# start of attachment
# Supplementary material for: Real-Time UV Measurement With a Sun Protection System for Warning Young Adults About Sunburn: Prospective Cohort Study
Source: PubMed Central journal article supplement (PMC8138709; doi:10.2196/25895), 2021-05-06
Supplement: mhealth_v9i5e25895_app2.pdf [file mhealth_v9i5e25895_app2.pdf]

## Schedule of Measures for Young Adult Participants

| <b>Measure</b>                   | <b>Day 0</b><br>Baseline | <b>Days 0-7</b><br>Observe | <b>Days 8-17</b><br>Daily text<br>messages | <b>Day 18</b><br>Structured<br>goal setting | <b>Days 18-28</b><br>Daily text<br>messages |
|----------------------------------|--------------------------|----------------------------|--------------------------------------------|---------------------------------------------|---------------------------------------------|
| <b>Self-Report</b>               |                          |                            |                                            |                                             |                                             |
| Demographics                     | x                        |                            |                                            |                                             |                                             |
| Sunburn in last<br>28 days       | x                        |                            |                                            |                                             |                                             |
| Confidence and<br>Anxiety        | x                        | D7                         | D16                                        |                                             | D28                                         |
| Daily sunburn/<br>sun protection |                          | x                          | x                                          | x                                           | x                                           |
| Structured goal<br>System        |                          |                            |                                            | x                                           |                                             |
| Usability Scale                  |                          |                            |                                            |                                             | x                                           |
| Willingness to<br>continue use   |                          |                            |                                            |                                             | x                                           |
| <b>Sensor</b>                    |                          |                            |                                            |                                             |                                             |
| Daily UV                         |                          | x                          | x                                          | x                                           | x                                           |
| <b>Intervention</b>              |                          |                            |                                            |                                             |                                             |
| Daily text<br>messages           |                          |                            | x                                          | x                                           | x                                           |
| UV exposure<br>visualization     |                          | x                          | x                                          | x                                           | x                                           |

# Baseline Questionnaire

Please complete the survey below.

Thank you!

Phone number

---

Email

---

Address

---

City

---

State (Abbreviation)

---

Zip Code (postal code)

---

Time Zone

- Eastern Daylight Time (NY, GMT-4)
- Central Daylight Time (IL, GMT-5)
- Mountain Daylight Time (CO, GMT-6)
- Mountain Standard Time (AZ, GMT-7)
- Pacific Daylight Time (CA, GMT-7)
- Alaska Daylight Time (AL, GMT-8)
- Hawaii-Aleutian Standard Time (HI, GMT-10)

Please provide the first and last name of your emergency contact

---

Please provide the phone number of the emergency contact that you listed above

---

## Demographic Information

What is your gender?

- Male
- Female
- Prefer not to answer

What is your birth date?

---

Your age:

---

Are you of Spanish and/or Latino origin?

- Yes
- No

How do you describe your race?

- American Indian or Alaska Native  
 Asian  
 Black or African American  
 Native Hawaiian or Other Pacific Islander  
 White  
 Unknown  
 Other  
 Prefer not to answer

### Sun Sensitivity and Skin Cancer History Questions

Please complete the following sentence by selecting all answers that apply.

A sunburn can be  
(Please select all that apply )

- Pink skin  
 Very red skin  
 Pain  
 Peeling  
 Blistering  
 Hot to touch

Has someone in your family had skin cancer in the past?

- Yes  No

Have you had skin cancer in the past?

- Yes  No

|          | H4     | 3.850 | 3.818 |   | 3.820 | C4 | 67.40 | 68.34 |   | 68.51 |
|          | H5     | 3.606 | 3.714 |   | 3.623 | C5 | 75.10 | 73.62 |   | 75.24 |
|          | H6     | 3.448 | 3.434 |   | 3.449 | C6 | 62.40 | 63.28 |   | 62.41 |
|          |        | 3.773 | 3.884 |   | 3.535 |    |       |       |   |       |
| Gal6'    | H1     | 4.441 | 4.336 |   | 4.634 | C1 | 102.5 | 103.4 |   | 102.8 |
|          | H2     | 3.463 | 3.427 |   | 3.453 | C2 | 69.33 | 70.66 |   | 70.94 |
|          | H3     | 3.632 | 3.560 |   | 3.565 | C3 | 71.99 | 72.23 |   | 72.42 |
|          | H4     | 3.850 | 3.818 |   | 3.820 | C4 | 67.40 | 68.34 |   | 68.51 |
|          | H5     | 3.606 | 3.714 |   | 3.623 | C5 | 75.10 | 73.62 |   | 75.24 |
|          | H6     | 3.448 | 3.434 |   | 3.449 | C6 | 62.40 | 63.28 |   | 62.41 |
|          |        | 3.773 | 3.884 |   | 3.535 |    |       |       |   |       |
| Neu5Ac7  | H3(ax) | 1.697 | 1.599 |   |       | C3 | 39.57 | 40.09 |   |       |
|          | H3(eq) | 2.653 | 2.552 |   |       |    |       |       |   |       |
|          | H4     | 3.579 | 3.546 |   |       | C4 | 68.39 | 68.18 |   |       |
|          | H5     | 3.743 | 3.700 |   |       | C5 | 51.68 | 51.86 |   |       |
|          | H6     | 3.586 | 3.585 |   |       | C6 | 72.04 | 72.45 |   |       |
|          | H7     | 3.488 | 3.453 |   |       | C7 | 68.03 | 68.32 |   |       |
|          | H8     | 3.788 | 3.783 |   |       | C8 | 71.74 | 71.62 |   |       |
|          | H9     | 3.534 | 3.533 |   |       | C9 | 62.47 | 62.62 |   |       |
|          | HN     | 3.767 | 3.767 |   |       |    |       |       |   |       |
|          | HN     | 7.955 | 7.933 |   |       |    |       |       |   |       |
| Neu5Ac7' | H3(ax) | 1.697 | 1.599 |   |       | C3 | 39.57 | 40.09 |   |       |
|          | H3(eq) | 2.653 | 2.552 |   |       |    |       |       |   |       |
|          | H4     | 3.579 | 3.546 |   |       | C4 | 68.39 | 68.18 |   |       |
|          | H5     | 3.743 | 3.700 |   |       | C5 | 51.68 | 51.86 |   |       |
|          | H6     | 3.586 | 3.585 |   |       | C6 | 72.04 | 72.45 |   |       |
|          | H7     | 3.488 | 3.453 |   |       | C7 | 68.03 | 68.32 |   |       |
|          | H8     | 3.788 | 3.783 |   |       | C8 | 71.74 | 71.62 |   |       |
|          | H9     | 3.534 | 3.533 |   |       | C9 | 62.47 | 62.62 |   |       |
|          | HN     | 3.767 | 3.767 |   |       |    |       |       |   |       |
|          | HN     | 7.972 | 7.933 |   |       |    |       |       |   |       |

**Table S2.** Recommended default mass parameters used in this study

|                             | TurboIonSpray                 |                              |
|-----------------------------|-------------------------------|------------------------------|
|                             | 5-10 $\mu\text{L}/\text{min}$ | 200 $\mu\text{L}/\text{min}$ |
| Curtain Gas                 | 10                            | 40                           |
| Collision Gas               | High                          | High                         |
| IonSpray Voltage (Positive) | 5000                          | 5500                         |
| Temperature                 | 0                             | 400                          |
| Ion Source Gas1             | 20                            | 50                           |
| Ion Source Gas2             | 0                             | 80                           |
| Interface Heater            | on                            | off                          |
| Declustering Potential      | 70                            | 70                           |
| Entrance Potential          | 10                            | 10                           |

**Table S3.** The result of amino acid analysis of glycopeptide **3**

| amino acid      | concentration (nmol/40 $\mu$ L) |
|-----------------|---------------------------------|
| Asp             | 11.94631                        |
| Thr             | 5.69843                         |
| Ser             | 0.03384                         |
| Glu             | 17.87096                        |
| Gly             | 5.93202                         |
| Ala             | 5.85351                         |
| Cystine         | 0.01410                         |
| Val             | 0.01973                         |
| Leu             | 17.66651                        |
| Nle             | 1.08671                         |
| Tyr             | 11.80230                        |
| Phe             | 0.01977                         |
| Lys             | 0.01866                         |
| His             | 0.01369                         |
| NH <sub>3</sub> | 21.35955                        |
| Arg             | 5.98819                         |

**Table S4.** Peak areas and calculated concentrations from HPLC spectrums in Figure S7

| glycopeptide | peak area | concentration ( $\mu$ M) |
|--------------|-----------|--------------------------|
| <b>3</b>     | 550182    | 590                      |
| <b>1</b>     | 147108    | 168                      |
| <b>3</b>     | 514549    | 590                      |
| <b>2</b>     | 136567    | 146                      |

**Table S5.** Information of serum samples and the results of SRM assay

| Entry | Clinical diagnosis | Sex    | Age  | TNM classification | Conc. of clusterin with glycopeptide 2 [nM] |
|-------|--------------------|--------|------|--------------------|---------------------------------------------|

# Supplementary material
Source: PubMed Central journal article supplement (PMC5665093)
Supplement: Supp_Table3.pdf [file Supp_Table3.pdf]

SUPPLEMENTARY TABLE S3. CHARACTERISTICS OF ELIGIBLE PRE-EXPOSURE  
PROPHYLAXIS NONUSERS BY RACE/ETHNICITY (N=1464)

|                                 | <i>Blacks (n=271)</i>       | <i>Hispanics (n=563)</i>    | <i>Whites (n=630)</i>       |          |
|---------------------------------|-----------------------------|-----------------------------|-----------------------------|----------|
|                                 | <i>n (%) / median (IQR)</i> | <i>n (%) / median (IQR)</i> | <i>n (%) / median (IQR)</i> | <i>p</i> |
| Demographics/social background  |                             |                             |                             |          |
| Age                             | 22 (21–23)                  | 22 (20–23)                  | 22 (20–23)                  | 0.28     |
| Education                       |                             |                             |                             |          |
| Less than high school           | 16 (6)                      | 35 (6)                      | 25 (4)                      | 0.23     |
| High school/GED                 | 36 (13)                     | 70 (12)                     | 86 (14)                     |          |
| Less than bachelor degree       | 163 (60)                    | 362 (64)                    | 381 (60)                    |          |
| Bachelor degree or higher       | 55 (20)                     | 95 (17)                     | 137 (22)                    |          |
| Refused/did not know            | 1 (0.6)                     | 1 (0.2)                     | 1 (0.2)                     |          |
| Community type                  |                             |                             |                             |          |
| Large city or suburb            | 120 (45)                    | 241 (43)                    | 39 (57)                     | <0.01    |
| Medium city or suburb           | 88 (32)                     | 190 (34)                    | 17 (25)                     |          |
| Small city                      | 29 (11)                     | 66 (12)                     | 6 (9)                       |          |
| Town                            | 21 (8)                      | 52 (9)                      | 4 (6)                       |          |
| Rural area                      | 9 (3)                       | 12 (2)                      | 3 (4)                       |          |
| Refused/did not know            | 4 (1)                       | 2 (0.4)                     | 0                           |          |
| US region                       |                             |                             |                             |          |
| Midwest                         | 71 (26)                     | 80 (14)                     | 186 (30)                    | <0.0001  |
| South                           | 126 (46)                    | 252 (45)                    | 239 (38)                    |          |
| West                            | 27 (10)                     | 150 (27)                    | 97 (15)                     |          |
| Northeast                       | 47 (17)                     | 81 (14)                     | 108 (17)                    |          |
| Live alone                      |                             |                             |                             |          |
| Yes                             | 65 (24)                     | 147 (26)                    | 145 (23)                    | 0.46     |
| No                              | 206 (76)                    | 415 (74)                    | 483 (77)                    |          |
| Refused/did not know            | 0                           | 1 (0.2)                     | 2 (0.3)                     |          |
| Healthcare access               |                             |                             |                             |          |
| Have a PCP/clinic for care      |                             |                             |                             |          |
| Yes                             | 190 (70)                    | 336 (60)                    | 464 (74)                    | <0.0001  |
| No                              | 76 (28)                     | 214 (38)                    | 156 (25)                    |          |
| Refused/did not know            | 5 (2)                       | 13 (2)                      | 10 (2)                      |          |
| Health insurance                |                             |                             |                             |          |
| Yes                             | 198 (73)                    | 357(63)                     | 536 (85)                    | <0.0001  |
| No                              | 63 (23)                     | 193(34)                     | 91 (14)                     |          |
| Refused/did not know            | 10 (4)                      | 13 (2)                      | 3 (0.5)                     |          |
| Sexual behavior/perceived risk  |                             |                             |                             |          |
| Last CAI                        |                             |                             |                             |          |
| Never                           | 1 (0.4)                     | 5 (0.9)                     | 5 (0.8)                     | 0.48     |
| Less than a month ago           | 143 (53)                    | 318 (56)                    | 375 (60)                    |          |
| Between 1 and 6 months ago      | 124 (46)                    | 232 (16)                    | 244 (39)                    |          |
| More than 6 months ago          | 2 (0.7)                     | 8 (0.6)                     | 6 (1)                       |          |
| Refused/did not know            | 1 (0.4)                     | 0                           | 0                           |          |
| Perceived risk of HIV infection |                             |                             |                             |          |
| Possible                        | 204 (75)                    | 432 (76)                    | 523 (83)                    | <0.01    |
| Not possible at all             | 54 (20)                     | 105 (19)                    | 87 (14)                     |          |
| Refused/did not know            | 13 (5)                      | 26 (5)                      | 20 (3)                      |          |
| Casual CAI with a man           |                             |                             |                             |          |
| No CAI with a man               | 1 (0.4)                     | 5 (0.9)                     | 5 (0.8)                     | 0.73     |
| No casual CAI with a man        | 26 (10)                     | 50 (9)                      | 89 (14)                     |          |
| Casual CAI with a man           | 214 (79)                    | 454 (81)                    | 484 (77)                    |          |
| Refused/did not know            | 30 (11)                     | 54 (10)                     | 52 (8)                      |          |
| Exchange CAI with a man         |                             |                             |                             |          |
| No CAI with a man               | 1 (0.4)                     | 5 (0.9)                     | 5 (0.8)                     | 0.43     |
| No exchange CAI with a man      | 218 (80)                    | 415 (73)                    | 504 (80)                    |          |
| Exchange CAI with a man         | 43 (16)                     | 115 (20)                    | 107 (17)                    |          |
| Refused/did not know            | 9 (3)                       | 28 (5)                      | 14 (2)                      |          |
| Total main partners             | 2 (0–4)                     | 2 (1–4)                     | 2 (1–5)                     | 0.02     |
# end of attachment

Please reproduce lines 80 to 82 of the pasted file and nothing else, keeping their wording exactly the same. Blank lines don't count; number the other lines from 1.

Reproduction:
Have you had skin cancer in the past?

- Yes  No

|          | H4     | 3.850 | 3.818 |   | 3.820 | C4 | 67.40 | 68.34 |   | 68.51 |